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Louis Roney

Columnist Louis Roney

I keep changing my ways to be contemporary.

Arnold Schwarzenegger was a great moneymaker in movies a generation ago. With Arnold, "macho" came in to stay and "wimps" went out the back door.

A girl who dotes on "macho" men told me that she views wimps with utter scorn. She asked, "Why are most men I meet these days wimpy?"

Abe Lincoln might have answered her, "Well, somebody up there must like'em, there are so many of them."

I told her that if her definition of "wimp" was true, I don't cotton to people who are "wimpy" either.

I thought of a lady in New York who met me, and asked, "Who is your analyst?"

"My what?"

"Your shrink."

I told her, " I don't have any" and that "my dentist takes care of problems I can't handle by myself."

Celebrated Viennese wimp leader Sigmund Freud, who wrote the Wimp's Manual, left wimps a legacy of case histories when and if their minds ever stray from themselves. If I were a wimp, I'd tell everyone I met — interested or not. I'm told that delicious self-effacement is de rigueur for distinguished wimpishness. Intense zeroing in on oneself is good hangdog wimpism.

The word "aware" is fraught with adventure for Tenderfoot Wimps. "Getting in touch with one's own feelings" is even more thrilling, opening up long narcissistic vistas to those who wanly aspire to the rank of Eagle Wimp.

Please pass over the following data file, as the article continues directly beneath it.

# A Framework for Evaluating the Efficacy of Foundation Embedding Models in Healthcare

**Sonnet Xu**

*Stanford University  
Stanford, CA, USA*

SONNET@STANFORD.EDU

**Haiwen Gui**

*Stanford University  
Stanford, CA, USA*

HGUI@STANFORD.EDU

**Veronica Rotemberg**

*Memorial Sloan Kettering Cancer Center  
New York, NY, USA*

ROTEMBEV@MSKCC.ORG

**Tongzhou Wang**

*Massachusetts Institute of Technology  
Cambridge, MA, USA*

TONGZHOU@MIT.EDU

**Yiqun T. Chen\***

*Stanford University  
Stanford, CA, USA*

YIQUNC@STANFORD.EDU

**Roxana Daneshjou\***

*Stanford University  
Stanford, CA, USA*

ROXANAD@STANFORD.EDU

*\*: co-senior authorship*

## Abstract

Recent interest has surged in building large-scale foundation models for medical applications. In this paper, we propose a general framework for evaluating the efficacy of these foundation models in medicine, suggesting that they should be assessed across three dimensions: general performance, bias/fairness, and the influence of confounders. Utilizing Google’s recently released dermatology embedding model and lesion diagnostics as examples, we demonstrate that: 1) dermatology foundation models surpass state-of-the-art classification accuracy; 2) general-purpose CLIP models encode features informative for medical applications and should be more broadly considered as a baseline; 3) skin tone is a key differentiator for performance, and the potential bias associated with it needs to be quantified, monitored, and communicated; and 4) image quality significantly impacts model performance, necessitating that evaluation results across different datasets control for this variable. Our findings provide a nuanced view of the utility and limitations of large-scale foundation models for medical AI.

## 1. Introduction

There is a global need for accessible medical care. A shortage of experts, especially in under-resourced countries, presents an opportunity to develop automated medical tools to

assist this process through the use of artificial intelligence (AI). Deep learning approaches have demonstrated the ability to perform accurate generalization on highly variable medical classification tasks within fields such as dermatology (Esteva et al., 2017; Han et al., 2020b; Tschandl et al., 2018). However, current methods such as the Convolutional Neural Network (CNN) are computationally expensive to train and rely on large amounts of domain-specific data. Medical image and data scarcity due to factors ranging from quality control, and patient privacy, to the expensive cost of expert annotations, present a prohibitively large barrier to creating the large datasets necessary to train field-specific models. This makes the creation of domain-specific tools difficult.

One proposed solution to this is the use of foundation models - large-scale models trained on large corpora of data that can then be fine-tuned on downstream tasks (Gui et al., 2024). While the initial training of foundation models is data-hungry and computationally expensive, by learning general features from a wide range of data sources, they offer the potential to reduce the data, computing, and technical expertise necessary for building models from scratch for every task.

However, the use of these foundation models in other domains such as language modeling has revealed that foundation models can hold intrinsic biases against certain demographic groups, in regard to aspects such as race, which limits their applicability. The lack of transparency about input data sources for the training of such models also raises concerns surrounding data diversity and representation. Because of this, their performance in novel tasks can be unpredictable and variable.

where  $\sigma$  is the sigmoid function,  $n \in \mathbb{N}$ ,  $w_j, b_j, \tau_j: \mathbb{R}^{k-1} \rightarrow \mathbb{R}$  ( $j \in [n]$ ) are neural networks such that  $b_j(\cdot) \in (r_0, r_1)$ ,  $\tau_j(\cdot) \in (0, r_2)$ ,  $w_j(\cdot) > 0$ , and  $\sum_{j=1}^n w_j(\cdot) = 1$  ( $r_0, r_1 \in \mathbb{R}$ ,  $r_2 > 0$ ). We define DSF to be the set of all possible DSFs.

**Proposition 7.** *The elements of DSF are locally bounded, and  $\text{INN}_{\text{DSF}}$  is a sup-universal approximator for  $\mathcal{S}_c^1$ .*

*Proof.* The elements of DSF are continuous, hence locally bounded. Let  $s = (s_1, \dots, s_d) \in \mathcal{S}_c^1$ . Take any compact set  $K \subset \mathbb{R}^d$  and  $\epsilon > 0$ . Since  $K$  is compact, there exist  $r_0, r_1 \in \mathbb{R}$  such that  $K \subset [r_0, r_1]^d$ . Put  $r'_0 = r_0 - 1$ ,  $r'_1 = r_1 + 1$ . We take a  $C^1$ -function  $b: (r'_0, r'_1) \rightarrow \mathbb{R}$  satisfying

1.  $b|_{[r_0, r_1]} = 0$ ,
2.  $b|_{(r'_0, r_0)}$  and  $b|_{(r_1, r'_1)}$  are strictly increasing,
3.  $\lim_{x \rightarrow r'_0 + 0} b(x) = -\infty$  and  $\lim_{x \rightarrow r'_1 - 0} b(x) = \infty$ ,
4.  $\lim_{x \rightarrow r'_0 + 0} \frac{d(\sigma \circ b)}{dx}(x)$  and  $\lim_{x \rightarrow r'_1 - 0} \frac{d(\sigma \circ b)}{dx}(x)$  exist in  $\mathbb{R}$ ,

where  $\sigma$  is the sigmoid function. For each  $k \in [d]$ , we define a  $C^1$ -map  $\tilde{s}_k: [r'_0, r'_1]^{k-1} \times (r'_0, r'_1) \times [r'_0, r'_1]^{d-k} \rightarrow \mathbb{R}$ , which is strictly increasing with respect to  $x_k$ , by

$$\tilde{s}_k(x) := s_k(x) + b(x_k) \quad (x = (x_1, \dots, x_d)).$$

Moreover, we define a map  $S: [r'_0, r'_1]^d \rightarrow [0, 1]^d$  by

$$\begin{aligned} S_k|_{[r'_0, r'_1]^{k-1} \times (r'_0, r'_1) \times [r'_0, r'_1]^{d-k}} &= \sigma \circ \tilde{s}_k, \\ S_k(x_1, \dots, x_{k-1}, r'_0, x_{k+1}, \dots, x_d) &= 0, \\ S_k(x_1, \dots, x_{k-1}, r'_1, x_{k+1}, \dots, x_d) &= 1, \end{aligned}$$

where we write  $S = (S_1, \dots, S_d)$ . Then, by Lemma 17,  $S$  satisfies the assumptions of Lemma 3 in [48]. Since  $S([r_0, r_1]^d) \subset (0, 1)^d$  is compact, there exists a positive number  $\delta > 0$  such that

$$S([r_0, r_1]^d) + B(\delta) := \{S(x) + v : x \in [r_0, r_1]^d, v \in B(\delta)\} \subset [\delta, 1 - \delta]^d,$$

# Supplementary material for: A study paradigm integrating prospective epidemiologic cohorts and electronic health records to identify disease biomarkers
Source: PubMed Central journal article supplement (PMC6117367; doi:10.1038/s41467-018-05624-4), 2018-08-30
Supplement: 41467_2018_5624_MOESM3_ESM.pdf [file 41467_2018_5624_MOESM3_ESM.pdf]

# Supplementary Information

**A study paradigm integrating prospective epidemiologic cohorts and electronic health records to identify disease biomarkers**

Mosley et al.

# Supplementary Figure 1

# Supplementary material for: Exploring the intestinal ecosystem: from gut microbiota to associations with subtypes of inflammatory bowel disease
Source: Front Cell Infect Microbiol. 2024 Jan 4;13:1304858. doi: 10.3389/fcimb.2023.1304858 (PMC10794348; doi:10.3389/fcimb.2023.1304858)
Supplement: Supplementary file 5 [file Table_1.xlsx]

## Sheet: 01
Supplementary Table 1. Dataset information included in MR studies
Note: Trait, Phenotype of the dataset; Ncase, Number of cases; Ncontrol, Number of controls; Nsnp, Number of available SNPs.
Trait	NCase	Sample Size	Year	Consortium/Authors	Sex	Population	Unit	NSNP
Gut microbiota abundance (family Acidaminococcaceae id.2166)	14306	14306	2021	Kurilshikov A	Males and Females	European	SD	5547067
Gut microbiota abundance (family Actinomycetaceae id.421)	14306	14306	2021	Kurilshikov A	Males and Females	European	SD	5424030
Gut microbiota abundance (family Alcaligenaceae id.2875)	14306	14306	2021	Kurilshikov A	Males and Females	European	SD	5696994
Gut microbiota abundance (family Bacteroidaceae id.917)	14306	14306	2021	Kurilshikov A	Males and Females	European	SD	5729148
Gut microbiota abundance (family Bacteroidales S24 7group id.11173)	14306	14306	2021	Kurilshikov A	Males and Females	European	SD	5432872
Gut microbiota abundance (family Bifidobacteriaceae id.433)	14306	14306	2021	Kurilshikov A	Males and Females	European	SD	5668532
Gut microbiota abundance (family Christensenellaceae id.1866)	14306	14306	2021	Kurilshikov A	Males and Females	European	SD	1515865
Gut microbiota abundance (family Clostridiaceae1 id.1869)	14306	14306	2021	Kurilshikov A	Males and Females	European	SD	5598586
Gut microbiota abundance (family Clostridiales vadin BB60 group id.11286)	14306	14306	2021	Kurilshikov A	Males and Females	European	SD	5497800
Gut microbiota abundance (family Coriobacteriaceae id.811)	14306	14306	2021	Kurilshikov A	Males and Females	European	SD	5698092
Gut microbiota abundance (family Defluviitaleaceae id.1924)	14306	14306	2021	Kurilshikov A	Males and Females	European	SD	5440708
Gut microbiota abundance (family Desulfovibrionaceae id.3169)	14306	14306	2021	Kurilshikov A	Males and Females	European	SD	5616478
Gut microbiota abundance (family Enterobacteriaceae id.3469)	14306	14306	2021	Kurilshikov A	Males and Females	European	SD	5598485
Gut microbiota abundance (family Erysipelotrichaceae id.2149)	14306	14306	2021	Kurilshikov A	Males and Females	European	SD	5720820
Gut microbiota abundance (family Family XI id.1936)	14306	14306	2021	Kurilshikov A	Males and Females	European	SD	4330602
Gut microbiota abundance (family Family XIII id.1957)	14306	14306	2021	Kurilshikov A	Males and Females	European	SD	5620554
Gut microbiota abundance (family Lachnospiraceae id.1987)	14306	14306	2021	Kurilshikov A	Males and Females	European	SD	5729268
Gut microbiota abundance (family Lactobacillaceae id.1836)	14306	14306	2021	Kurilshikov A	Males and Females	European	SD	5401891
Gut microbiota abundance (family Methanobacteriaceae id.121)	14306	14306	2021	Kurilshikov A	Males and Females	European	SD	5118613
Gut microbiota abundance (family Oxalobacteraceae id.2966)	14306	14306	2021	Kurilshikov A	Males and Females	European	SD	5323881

Out of nowhere, the thought comes to me that I have never known a wimp who could sing Verdi — or Puccini. The operas of Puccini and Verdi, whose own lives were the antitheses of wimpism, demand unembarrassed, naked expression of strong desires.

Both Puccini and Verdi dealt with passionate drama about love, and political conflict full of violence. The characters in these musical dramas make difficult, even perilous, decisions.

I have the feeling that wimps have a hard time identifying with such visceral stuff. Don't ask me why. I am simply a battle-scarred observer of the human predicament who is laboring to provide his best guesses with a higher education.

Jane Austen didn't dwell long on melodramatic characters of sizzling romance and stark emotions. She gave little room in her novels to people who were short on genteel gab and parlor-game-playing. Nothing goes "bang" on Austen's pages.

Had she written the libretto to Verdi's "Otello," she might have had the Moor whimper "Oh, dear!" ever so quietly, and then sit down over tea with Desdemona for a gentle heart-to-heart tete-a-tete about what's-what.

Austen would probably have subtitled it "Otello: A Macho's Just Downfall."

Her wimpy Lion of Venice would have explored Desdemona's inchoate self-image.

Was it true that the child-bride daughter of the Doge, as Otello was told, had kinkily satiated her alleged fantasy-need for another man? If so, what was her deep-down inner motivation, Id-wise?

Otello would, above all, be calm and attentive. He would indulge in no crude, loud raving about his life's "falling apart." Here, in Austen's version, Otello would walk to the curtain, his back to Desdemona, and sing his famous monologue, as follows: "I daren't lose my cool. I must perforce render my thundrous voice soft as very lambswool while proffering my alabaster dove full understanding most empathetic. Away! And I had no annoyance in the sinking of the cursed Turk and all his monstrous fleet and 'twas but yesterday.' God forbid I now founder in this trifling squall for its guise so alien to my life's brawny tempest."